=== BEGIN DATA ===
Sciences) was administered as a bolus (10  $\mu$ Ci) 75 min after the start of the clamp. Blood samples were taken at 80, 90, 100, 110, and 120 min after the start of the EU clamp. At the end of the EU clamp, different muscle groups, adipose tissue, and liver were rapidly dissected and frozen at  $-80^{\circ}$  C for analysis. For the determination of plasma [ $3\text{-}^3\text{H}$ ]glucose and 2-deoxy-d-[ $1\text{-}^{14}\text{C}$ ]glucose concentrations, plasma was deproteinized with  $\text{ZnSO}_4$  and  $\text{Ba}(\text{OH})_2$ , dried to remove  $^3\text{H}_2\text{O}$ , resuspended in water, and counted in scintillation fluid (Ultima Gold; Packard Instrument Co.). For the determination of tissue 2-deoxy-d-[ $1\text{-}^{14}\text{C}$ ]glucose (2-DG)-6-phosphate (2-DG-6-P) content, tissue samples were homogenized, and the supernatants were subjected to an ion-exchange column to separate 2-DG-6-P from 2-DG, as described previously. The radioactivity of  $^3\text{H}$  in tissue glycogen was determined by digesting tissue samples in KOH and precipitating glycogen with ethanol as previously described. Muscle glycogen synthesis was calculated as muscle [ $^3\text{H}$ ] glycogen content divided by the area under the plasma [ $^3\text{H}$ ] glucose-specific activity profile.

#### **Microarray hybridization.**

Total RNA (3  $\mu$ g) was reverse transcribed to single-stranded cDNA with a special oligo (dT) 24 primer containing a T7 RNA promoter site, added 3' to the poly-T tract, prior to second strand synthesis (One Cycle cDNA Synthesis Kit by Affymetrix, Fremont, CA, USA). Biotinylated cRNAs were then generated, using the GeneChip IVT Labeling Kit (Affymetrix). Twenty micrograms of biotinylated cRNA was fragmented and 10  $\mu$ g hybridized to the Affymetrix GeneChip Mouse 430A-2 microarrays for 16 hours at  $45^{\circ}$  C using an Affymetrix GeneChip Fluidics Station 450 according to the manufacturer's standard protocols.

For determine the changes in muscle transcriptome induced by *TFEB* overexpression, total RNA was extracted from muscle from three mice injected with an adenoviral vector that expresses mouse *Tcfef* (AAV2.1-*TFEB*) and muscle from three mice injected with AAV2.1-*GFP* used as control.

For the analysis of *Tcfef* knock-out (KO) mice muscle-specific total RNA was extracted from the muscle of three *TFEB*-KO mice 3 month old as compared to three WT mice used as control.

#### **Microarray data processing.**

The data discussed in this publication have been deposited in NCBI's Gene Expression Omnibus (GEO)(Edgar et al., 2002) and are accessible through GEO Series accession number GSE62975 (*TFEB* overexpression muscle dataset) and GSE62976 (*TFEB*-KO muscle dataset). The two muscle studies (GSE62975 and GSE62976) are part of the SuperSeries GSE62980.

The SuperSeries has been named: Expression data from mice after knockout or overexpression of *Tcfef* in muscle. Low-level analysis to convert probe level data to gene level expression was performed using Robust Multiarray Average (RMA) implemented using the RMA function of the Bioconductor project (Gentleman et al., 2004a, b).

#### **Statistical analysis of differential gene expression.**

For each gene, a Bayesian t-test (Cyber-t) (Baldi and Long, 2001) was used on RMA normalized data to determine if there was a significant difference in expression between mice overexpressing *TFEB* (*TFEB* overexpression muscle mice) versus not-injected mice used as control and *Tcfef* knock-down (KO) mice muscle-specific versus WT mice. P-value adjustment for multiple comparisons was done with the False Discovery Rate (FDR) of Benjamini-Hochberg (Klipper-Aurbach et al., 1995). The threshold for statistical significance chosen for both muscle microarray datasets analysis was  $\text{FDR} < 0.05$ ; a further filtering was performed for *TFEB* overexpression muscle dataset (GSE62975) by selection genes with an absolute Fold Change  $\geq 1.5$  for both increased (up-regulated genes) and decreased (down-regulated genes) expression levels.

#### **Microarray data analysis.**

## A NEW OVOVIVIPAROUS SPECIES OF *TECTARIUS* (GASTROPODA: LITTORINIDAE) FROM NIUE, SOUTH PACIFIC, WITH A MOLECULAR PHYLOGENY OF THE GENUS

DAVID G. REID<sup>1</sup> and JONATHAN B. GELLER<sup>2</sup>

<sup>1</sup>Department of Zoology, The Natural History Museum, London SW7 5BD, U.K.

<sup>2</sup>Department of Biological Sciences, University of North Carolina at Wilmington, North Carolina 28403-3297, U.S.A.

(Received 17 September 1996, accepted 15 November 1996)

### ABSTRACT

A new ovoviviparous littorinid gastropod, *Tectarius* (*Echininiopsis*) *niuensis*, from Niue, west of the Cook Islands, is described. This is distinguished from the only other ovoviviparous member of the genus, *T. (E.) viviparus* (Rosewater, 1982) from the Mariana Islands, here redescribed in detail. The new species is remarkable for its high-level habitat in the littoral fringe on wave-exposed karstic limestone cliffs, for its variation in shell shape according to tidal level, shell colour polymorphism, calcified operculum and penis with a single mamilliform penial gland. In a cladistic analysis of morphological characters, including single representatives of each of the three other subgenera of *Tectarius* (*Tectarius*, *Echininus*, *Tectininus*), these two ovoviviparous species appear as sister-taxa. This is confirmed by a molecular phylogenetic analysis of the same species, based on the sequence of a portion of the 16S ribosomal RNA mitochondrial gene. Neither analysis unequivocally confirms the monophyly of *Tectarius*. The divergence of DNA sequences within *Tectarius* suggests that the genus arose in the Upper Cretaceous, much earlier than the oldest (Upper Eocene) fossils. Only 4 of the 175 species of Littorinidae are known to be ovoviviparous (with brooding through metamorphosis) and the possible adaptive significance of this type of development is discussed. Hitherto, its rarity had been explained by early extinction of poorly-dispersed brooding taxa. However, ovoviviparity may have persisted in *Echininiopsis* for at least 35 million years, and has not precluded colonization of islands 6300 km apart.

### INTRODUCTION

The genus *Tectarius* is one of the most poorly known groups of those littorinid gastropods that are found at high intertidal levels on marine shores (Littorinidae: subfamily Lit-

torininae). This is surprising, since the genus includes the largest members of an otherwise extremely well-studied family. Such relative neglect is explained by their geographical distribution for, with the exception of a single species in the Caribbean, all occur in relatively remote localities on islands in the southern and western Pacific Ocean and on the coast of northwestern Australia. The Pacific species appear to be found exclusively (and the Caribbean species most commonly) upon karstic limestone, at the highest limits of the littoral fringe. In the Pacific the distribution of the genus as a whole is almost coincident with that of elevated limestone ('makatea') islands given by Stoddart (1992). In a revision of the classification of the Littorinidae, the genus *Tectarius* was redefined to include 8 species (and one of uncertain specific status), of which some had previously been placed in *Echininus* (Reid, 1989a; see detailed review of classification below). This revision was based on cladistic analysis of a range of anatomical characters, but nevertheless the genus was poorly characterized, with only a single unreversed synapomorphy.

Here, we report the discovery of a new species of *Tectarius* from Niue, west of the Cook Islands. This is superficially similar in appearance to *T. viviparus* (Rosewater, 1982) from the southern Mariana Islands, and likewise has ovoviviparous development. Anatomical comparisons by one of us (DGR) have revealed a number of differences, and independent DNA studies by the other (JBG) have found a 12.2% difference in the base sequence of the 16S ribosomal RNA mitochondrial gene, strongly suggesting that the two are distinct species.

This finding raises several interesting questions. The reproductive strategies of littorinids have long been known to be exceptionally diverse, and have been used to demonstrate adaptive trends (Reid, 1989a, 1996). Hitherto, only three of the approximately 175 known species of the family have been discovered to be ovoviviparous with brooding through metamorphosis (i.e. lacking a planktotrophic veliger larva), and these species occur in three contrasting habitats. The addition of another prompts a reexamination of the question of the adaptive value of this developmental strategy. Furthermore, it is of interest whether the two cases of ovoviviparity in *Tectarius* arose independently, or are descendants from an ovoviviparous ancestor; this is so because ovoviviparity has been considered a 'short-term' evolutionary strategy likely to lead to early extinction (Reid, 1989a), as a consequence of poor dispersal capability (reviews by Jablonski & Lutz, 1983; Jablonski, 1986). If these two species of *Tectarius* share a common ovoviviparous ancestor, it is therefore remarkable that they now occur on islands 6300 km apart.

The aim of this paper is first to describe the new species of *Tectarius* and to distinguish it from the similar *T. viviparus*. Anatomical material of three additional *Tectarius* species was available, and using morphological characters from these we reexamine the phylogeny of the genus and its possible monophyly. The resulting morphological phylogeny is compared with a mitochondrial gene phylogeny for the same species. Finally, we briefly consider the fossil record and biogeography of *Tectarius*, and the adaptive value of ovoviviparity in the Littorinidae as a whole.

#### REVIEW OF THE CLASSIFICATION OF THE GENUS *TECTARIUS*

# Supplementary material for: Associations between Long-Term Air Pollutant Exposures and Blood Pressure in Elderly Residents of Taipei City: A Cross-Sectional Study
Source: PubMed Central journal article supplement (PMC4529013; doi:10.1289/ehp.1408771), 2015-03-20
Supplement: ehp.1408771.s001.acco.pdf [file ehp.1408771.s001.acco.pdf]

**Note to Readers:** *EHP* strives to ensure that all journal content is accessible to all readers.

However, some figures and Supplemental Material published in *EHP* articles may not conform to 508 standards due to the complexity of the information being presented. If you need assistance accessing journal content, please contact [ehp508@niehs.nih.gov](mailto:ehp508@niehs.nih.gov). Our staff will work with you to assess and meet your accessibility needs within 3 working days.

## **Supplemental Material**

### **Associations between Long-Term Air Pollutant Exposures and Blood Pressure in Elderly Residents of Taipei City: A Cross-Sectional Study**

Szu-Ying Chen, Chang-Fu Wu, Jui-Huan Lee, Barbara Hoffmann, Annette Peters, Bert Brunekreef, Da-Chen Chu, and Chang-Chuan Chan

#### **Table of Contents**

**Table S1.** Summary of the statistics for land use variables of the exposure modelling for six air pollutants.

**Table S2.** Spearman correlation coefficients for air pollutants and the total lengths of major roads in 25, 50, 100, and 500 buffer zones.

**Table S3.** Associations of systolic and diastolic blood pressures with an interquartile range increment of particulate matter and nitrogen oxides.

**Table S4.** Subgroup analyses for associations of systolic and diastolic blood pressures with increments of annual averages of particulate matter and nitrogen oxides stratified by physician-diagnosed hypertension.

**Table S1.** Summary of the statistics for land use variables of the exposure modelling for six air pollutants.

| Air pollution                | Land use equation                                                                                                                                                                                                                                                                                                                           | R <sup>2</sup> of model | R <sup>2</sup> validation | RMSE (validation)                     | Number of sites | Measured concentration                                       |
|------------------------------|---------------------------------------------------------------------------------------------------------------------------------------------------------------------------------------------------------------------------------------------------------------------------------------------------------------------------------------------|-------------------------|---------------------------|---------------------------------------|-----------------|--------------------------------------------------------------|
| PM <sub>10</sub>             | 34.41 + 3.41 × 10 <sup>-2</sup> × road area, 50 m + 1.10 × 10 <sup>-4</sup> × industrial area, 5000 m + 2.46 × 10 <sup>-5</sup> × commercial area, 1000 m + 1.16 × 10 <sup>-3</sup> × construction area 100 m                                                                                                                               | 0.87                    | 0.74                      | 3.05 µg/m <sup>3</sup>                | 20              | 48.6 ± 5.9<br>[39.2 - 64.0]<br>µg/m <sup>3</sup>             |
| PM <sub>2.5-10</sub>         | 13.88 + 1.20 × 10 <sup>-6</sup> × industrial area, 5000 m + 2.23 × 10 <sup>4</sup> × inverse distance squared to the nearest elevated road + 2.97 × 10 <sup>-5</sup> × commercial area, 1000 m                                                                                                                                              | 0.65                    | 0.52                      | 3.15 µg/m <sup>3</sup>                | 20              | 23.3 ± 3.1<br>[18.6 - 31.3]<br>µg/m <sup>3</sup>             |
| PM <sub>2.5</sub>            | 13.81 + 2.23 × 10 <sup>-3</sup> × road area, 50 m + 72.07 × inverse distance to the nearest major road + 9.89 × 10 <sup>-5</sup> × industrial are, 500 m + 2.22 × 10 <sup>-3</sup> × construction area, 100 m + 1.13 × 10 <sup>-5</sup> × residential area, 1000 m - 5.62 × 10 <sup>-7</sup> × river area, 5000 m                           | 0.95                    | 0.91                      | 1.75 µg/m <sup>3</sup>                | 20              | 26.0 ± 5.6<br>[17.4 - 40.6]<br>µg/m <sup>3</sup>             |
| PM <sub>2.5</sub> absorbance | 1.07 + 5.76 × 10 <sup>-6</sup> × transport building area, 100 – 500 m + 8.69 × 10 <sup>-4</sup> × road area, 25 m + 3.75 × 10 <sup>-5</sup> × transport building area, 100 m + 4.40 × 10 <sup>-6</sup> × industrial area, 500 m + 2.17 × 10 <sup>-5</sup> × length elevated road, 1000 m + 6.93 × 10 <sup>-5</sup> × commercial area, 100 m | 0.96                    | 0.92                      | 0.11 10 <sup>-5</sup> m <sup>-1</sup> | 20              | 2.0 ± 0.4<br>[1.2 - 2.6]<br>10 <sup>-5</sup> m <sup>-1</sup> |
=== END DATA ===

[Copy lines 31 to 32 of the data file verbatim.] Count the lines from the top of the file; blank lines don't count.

## **Supplemental Material**

### **Associations between Long-Term Air Pollutant Exposures and Blood Pressure in Elderly Residents of Taipei City: A Cross-Sectional Study**